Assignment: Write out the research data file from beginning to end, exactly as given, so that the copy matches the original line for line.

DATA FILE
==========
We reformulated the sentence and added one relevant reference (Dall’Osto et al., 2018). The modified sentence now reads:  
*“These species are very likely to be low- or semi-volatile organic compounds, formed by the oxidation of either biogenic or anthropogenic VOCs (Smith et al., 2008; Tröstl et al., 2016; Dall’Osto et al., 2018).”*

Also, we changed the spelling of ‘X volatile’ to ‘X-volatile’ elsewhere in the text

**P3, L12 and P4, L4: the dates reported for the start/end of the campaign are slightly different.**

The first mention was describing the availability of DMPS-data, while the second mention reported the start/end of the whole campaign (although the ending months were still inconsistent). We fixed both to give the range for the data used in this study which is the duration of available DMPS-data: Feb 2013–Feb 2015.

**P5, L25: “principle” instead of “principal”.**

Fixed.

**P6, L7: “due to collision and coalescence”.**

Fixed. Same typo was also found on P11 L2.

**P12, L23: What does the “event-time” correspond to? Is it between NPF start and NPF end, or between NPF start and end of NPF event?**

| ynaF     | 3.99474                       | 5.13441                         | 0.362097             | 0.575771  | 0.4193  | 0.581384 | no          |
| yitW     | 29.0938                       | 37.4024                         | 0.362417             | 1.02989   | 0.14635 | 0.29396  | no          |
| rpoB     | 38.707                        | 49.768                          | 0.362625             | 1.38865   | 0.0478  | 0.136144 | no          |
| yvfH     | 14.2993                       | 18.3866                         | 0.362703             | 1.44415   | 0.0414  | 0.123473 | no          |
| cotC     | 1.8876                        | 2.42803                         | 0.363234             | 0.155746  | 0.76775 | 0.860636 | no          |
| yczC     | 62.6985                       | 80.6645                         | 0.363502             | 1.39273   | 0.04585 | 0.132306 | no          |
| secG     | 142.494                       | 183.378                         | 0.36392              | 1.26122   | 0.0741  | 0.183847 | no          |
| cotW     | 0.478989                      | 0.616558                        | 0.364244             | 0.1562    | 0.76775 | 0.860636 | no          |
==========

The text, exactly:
We reformulated the sentence and added one relevant reference (Dall’Osto et al., 2018). The modified sentence now reads:  
*“These species are very likely to be low- or semi-volatile organic compounds, formed by the oxidation of either biogenic or anthropogenic VOCs (Smith et al., 2008; Tröstl et al., 2016; Dall’Osto et al., 2018).”*

Also, we changed the spelling of ‘X volatile’ to ‘X-volatile’ elsewhere in the text

**P3, L12 and P4, L4: the dates reported for the start/end of the campaign are slightly different.**

The first mention was describing the availability of DMPS-data, while the second mention reported the start/end of the whole campaign (although the ending months were still inconsistent). We fixed both to give the range for the data used in this study which is the duration of available DMPS-data: Feb 2013–Feb 2015.

**P5, L25: “principle” instead of “principal”.**

Fixed.

**P6, L7: “due to collision and coalescence”.**

Fixed. Same typo was also found on P11 L2.

**P12, L23: What does the “event-time” correspond to? Is it between NPF start and NPF end, or between NPF start and end of NPF event?**

| ynaF     | 3.99474                       | 5.13441                         | 0.362097             | 0.575771  | 0.4193  | 0.581384 | no          |
| yitW     | 29.0938                       | 37.4024                         | 0.362417             | 1.02989   | 0.14635 | 0.29396  | no          |
| rpoB     | 38.707                        | 49.768                          | 0.362625             | 1.38865   | 0.0478  | 0.136144 | no          |
| yvfH     | 14.2993                       | 18.3866                         | 0.362703             | 1.44415   | 0.0414  | 0.123473 | no          |
| cotC     | 1.8876                        | 2.42803                         | 0.363234             | 0.155746  | 0.76775 | 0.860636 | no          |
| yczC     | 62.6985                       | 80.6645                         | 0.363502             | 1.39273   | 0.04585 | 0.132306 | no          |
| secG     | 142.494                       | 183.378                         | 0.36392              | 1.26122   | 0.0741  | 0.183847 | no          |
| cotW     | 0.478989                      | 0.616558                        | 0.364244             | 0.1562    | 0.76775 | 0.860636 | no          |